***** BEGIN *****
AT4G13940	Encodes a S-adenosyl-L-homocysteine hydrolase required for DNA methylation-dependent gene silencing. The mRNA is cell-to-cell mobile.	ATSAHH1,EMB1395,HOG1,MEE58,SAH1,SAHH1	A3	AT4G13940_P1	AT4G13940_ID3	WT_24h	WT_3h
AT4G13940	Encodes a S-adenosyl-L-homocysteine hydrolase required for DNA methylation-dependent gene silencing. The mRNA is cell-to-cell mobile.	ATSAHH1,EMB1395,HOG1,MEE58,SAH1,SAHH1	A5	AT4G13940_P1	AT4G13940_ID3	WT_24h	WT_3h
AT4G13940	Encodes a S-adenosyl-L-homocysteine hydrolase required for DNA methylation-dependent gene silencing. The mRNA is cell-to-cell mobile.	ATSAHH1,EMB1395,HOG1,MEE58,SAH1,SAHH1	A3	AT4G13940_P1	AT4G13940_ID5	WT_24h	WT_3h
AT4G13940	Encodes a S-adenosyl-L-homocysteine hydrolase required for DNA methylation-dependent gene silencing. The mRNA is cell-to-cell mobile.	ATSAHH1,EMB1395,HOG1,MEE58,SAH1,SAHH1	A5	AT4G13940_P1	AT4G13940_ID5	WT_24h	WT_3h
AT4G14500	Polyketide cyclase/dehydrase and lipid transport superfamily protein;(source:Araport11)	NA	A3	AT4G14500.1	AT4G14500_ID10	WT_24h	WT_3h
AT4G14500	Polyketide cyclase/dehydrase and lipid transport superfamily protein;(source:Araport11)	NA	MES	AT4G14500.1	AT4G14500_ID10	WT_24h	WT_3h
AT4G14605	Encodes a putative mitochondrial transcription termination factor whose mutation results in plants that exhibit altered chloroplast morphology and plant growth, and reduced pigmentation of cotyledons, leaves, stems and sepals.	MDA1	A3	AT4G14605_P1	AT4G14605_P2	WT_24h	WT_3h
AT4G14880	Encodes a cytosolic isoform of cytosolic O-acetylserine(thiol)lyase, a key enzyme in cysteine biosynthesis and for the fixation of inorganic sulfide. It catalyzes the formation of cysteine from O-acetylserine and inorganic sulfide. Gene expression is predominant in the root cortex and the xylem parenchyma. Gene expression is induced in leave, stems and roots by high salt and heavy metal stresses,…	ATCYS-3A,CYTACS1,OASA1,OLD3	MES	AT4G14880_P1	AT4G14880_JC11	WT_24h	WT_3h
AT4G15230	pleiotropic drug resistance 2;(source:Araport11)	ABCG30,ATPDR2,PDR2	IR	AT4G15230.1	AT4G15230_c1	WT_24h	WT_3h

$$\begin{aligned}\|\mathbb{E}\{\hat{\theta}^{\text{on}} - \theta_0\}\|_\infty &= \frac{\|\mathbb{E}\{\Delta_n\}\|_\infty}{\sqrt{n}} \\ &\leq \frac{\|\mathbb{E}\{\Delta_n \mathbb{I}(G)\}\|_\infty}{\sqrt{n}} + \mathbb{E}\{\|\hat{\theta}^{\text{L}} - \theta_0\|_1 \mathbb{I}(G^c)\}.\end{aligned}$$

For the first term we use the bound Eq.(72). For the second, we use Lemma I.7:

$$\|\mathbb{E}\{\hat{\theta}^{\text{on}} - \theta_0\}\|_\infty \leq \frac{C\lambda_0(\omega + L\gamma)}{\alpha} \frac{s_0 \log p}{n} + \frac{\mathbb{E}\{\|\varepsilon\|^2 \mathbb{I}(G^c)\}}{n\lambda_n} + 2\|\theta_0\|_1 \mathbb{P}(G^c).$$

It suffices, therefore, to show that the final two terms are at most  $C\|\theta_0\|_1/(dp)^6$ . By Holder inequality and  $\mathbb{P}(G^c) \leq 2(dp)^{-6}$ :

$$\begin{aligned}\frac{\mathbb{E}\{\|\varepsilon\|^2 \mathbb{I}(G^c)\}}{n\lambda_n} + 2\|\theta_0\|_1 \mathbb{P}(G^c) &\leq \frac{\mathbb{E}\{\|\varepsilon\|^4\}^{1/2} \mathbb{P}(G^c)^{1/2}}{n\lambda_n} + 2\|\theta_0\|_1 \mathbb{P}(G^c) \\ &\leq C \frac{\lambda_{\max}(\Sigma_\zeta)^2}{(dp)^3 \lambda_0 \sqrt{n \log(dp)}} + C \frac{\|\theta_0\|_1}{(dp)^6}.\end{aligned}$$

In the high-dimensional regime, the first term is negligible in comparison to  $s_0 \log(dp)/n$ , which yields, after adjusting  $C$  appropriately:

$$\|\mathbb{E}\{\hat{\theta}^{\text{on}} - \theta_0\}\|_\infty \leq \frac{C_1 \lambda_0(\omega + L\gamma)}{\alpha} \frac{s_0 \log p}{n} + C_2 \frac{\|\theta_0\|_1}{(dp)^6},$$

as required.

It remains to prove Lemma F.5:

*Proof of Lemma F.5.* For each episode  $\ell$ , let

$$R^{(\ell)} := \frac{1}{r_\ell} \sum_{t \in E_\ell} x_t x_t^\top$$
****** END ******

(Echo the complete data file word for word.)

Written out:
AT4G13940	Encodes a S-adenosyl-L-homocysteine hydrolase required for DNA methylation-dependent gene silencing. The mRNA is cell-to-cell mobile.	ATSAHH1,EMB1395,HOG1,MEE58,SAH1,SAHH1	A3	AT4G13940_P1	AT4G13940_ID3	WT_24h	WT_3h
AT4G13940	Encodes a S-adenosyl-L-homocysteine hydrolase required for DNA methylation-dependent gene silencing. The mRNA is cell-to-cell mobile.	ATSAHH1,EMB1395,HOG1,MEE58,SAH1,SAHH1	A5	AT4G13940_P1	AT4G13940_ID3	WT_24h	WT_3h
AT4G13940	Encodes a S-adenosyl-L-homocysteine hydrolase required for DNA methylation-dependent gene silencing. The mRNA is cell-to-cell mobile.	ATSAHH1,EMB1395,HOG1,MEE58,SAH1,SAHH1	A3	AT4G13940_P1	AT4G13940_ID5	WT_24h	WT_3h
AT4G13940	Encodes a S-adenosyl-L-homocysteine hydrolase required for DNA methylation-dependent gene silencing. The mRNA is cell-to-cell mobile.	ATSAHH1,EMB1395,HOG1,MEE58,SAH1,SAHH1	A5	AT4G13940_P1	AT4G13940_ID5	WT_24h	WT_3h
AT4G14500	Polyketide cyclase/dehydrase and lipid transport superfamily protein;(source:Araport11)	NA	A3	AT4G14500.1	AT4G14500_ID10	WT_24h	WT_3h
AT4G14500	Polyketide cyclase/dehydrase and lipid transport superfamily protein;(source:Araport11)	NA	MES	AT4G14500.1	AT4G14500_ID10	WT_24h	WT_3h
AT4G14605	Encodes a putative mitochondrial transcription termination factor whose mutation results in plants that exhibit altered chloroplast morphology and plant growth, and reduced pigmentation of cotyledons, leaves, stems and sepals.	MDA1	A3	AT4G14605_P1	AT4G14605_P2	WT_24h	WT_3h
AT4G14880	Encodes a cytosolic isoform of cytosolic O-acetylserine(thiol)lyase, a key enzyme in cysteine biosynthesis and for the fixation of inorganic sulfide. It catalyzes the formation of cysteine from O-acetylserine and inorganic sulfide. Gene expression is predominant in the root cortex and the xylem parenchyma. Gene expression is induced in leave, stems and roots by high salt and heavy metal stresses,…	ATCYS-3A,CYTACS1,OASA1,OLD3	MES	AT4G14880_P1	AT4G14880_JC11	WT_24h	WT_3h
AT4G15230	pleiotropic drug resistance 2;(source:Araport11)	ABCG30,ATPDR2,PDR2	IR	AT4G15230.1	AT4G15230_c1	WT_24h	WT_3h

$$\begin{aligned}\|\mathbb{E}\{\hat{\theta}^{\text{on}} - \theta_0\}\|_\infty &= \frac{\|\mathbb{E}\{\Delta_n\}\|_\infty}{\sqrt{n}} \\ &\leq \frac{\|\mathbb{E}\{\Delta_n \mathbb{I}(G)\}\|_\infty}{\sqrt{n}} + \mathbb{E}\{\|\hat{\theta}^{\text{L}} - \theta_0\|_1 \mathbb{I}(G^c)\}.\end{aligned}$$

For the first term we use the bound Eq.(72). For the second, we use Lemma I.7:

$$\|\mathbb{E}\{\hat{\theta}^{\text{on}} - \theta_0\}\|_\infty \leq \frac{C\lambda_0(\omega + L\gamma)}{\alpha} \frac{s_0 \log p}{n} + \frac{\mathbb{E}\{\|\varepsilon\|^2 \mathbb{I}(G^c)\}}{n\lambda_n} + 2\|\theta_0\|_1 \mathbb{P}(G^c).$$

It suffices, therefore, to show that the final two terms are at most  $C\|\theta_0\|_1/(dp)^6$ . By Holder inequality and  $\mathbb{P}(G^c) \leq 2(dp)^{-6}$ :

$$\begin{aligned}\frac{\mathbb{E}\{\|\varepsilon\|^2 \mathbb{I}(G^c)\}}{n\lambda_n} + 2\|\theta_0\|_1 \mathbb{P}(G^c) &\leq \frac{\mathbb{E}\{\|\varepsilon\|^4\}^{1/2} \mathbb{P}(G^c)^{1/2}}{n\lambda_n} + 2\|\theta_0\|_1 \mathbb{P}(G^c) \\ &\leq C \frac{\lambda_{\max}(\Sigma_\zeta)^2}{(dp)^3 \lambda_0 \sqrt{n \log(dp)}} + C \frac{\|\theta_0\|_1}{(dp)^6}.\end{aligned}$$

In the high-dimensional regime, the first term is negligible in comparison to  $s_0 \log(dp)/n$ , which yields, after adjusting  $C$  appropriately:

$$\|\mathbb{E}\{\hat{\theta}^{\text{on}} - \theta_0\}\|_\infty \leq \frac{C_1 \lambda_0(\omega + L\gamma)}{\alpha} \frac{s_0 \log p}{n} + C_2 \frac{\|\theta_0\|_1}{(dp)^6},$$

as required.

It remains to prove Lemma F.5:

*Proof of Lemma F.5.* For each episode  $\ell$ , let

$$R^{(\ell)} := \frac{1}{r_\ell} \sum_{t \in E_\ell} x_t x_t^\top$$